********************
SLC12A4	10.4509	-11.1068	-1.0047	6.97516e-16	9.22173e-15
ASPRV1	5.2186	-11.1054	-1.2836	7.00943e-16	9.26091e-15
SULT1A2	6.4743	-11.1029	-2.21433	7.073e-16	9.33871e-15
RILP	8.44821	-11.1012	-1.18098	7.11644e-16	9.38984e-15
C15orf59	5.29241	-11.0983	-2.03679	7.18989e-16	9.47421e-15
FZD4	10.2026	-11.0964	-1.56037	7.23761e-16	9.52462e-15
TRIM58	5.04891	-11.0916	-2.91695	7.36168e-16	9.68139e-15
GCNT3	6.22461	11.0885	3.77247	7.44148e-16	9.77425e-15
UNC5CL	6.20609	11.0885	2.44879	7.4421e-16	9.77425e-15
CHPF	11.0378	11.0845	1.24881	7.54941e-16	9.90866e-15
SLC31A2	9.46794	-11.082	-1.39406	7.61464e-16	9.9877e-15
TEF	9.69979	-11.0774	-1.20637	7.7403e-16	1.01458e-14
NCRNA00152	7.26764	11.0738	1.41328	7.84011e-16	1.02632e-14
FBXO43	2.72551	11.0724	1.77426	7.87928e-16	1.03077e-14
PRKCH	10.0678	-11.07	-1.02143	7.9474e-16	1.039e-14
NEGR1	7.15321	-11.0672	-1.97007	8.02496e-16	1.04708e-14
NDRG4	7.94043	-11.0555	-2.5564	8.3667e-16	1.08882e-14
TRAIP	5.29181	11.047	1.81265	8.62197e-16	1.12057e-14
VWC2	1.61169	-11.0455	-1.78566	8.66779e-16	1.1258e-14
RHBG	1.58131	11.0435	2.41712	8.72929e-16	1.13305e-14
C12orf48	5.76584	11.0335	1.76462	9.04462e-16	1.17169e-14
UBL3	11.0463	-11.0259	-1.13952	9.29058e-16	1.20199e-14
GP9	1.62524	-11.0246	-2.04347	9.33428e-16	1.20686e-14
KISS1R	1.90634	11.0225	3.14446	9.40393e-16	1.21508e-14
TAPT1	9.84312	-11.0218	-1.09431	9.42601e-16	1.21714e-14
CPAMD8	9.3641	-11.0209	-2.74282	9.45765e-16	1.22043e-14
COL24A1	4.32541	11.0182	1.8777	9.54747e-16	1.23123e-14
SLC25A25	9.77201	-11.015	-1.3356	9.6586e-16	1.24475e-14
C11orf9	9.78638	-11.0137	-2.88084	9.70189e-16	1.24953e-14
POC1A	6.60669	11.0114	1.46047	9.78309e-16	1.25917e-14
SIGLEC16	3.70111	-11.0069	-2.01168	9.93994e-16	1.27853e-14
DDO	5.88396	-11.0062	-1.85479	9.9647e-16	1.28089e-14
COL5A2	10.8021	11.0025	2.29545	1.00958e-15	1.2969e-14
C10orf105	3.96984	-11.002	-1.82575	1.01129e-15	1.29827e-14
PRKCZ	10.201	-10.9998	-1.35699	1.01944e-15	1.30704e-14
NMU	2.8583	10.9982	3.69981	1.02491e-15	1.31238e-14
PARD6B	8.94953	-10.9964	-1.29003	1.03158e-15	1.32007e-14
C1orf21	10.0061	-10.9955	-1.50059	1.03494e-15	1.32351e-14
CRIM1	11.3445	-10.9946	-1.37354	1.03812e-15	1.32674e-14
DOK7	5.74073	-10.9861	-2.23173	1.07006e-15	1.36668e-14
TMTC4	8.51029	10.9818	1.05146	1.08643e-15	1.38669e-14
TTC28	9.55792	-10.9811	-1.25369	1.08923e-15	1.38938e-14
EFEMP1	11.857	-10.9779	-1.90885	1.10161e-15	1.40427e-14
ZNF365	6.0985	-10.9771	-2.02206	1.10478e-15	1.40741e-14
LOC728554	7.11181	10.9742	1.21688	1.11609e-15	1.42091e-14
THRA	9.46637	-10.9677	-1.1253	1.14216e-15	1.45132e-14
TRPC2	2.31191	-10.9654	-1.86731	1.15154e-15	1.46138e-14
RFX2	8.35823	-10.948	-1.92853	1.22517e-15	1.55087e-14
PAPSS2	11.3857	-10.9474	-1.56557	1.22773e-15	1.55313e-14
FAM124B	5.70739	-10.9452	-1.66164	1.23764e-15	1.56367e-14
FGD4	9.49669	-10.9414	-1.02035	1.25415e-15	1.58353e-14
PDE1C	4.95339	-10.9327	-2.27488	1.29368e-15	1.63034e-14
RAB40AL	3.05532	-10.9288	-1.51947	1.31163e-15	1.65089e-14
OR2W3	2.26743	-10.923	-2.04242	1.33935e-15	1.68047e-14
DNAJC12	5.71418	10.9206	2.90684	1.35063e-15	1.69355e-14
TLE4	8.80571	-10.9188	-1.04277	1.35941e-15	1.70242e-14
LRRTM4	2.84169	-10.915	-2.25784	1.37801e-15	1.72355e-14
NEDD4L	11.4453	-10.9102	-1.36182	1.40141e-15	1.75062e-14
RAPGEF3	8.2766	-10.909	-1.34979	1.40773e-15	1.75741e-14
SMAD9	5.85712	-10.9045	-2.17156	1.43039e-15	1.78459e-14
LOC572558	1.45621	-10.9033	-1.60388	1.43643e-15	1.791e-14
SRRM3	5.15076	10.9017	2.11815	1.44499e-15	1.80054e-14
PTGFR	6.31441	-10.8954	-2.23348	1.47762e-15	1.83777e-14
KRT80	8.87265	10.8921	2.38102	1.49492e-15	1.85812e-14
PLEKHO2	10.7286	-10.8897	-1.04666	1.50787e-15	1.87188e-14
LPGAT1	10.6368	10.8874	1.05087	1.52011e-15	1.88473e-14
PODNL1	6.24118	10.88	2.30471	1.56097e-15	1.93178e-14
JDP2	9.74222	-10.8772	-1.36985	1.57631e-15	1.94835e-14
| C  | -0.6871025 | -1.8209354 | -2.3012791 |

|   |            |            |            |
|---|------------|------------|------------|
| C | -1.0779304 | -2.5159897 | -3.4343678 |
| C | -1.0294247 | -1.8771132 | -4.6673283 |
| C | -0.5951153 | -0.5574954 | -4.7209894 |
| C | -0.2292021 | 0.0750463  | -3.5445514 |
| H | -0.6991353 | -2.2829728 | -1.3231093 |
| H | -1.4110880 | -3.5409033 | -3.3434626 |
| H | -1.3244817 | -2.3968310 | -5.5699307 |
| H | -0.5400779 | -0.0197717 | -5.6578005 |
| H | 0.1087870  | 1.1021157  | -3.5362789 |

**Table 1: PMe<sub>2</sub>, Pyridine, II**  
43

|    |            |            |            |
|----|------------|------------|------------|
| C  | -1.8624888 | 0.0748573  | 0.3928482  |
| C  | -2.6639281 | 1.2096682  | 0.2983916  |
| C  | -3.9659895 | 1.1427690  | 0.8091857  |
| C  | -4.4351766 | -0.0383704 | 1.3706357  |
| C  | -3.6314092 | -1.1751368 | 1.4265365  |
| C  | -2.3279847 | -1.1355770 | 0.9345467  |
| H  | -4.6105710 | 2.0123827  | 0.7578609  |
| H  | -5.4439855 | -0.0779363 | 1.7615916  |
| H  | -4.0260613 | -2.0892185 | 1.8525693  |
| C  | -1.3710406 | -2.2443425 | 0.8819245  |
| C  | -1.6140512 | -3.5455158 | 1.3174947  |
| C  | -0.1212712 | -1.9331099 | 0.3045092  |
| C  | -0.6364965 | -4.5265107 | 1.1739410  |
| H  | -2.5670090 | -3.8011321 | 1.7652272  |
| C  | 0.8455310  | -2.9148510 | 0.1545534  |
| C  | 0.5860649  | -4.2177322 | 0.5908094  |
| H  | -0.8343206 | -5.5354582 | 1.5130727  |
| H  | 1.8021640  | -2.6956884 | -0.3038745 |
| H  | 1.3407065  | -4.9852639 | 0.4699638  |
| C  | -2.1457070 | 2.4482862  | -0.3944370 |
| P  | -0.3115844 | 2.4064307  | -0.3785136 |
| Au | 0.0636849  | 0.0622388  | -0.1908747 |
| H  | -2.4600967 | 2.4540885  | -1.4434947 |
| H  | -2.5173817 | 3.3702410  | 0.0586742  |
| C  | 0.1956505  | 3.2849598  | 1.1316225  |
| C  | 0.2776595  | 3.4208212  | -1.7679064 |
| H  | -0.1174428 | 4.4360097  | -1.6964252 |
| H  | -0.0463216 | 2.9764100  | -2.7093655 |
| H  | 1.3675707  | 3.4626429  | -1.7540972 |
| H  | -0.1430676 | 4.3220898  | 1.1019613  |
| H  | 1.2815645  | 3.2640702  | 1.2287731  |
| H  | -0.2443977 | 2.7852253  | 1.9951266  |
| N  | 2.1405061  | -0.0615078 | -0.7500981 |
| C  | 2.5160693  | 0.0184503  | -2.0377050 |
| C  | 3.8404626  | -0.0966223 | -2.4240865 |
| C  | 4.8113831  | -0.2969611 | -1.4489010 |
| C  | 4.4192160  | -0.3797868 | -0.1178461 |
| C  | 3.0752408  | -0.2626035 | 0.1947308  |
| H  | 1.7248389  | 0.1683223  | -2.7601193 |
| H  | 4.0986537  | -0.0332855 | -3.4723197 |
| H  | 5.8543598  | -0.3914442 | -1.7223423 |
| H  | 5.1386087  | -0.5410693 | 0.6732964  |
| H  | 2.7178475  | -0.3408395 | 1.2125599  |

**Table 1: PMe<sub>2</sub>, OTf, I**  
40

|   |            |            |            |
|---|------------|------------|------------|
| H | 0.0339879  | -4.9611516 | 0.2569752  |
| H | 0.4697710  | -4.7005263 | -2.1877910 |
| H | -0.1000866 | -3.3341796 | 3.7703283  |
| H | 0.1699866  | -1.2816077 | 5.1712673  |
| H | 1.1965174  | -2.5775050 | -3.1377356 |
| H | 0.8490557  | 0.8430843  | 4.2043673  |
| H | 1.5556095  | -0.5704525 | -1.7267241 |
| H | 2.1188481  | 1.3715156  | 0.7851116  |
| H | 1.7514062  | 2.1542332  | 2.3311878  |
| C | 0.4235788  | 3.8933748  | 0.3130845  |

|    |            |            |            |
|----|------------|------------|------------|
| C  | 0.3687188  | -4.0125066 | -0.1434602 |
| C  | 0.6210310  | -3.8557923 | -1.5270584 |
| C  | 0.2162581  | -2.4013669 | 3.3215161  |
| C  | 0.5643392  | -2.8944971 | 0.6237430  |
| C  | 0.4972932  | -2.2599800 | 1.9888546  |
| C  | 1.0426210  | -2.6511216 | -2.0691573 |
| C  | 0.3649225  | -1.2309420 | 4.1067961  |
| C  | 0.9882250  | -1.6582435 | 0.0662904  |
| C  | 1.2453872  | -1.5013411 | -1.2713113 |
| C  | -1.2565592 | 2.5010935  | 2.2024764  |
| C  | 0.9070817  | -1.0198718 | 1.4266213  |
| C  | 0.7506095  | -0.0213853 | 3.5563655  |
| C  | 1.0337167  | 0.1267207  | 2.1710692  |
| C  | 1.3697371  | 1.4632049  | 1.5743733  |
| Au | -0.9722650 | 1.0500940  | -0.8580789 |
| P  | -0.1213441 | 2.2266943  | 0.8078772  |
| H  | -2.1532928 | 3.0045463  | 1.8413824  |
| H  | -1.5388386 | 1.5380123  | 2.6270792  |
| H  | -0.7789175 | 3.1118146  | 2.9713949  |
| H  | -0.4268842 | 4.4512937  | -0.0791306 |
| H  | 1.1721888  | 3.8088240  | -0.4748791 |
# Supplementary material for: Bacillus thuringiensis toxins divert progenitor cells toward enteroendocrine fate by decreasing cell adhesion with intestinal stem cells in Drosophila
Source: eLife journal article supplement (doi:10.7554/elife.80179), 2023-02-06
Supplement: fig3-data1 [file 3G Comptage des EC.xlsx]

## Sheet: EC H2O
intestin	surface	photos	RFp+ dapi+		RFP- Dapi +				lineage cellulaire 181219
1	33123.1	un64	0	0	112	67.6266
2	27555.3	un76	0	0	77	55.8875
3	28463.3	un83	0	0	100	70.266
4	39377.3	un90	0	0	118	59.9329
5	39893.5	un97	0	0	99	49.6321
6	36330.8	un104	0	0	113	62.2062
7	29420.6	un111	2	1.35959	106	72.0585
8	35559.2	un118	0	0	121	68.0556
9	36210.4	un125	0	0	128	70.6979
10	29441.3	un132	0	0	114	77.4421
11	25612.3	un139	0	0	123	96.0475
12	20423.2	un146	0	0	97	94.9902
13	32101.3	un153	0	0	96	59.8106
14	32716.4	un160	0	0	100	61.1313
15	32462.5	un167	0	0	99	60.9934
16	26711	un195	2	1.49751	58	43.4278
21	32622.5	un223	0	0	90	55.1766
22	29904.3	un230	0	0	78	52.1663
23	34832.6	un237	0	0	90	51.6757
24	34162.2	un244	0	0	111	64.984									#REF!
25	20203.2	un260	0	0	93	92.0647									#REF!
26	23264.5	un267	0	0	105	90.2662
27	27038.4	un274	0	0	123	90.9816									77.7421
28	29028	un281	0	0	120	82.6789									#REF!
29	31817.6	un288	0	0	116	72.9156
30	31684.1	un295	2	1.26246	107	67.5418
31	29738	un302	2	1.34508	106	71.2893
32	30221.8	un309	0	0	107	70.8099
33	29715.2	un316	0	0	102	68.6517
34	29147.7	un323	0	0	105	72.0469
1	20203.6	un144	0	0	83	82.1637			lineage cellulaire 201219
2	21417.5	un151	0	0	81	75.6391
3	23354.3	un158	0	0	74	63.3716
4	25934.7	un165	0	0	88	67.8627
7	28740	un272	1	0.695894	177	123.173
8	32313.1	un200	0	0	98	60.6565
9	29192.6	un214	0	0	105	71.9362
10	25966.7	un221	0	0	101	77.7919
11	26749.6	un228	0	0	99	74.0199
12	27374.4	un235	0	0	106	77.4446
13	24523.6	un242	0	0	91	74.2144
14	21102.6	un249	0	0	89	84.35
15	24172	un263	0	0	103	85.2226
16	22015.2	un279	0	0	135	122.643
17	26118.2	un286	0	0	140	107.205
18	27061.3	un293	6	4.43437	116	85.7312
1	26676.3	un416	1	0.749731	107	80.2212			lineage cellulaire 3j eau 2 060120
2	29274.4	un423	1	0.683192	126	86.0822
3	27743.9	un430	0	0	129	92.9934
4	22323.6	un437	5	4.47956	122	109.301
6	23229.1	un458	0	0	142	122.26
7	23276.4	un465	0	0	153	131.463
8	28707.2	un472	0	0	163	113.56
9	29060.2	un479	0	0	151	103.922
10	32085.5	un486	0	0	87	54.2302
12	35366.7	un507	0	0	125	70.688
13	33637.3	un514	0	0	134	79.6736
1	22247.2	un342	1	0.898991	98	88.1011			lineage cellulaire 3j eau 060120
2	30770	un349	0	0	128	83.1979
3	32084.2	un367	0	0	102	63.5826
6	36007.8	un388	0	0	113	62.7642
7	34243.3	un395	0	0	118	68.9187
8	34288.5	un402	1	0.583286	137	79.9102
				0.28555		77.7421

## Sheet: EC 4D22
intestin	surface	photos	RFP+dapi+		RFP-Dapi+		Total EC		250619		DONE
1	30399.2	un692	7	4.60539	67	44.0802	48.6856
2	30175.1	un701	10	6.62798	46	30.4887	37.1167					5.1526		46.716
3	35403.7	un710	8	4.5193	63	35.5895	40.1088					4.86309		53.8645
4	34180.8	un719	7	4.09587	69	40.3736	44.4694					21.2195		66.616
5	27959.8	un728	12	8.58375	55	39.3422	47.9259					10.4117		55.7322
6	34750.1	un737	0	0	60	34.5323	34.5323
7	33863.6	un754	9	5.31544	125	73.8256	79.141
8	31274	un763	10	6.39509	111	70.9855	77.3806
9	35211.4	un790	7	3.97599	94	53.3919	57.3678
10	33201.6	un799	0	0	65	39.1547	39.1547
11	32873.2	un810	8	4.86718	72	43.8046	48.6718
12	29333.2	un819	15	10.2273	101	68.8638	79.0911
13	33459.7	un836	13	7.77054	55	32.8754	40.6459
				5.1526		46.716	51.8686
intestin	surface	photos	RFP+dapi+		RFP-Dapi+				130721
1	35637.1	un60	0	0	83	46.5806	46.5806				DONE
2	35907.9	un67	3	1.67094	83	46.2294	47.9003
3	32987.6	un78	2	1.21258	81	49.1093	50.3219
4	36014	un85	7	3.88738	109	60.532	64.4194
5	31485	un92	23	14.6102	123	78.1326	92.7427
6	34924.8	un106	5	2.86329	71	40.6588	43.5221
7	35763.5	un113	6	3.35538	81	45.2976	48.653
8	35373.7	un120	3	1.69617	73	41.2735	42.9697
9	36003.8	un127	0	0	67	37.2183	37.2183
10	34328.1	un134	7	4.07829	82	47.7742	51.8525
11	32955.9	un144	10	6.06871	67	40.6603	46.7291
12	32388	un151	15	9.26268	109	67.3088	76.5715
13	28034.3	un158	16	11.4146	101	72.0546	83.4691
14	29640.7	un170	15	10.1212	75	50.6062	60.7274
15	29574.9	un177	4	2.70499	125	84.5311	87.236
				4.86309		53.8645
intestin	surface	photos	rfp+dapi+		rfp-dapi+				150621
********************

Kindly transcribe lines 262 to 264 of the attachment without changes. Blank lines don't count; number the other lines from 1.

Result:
12	32388	un151	15	9.26268	109	67.3088	76.5715
13	28034.3	un158	16	11.4146	101	72.0546	83.4691
14	29640.7	un170	15	10.1212	75	50.6062	60.7274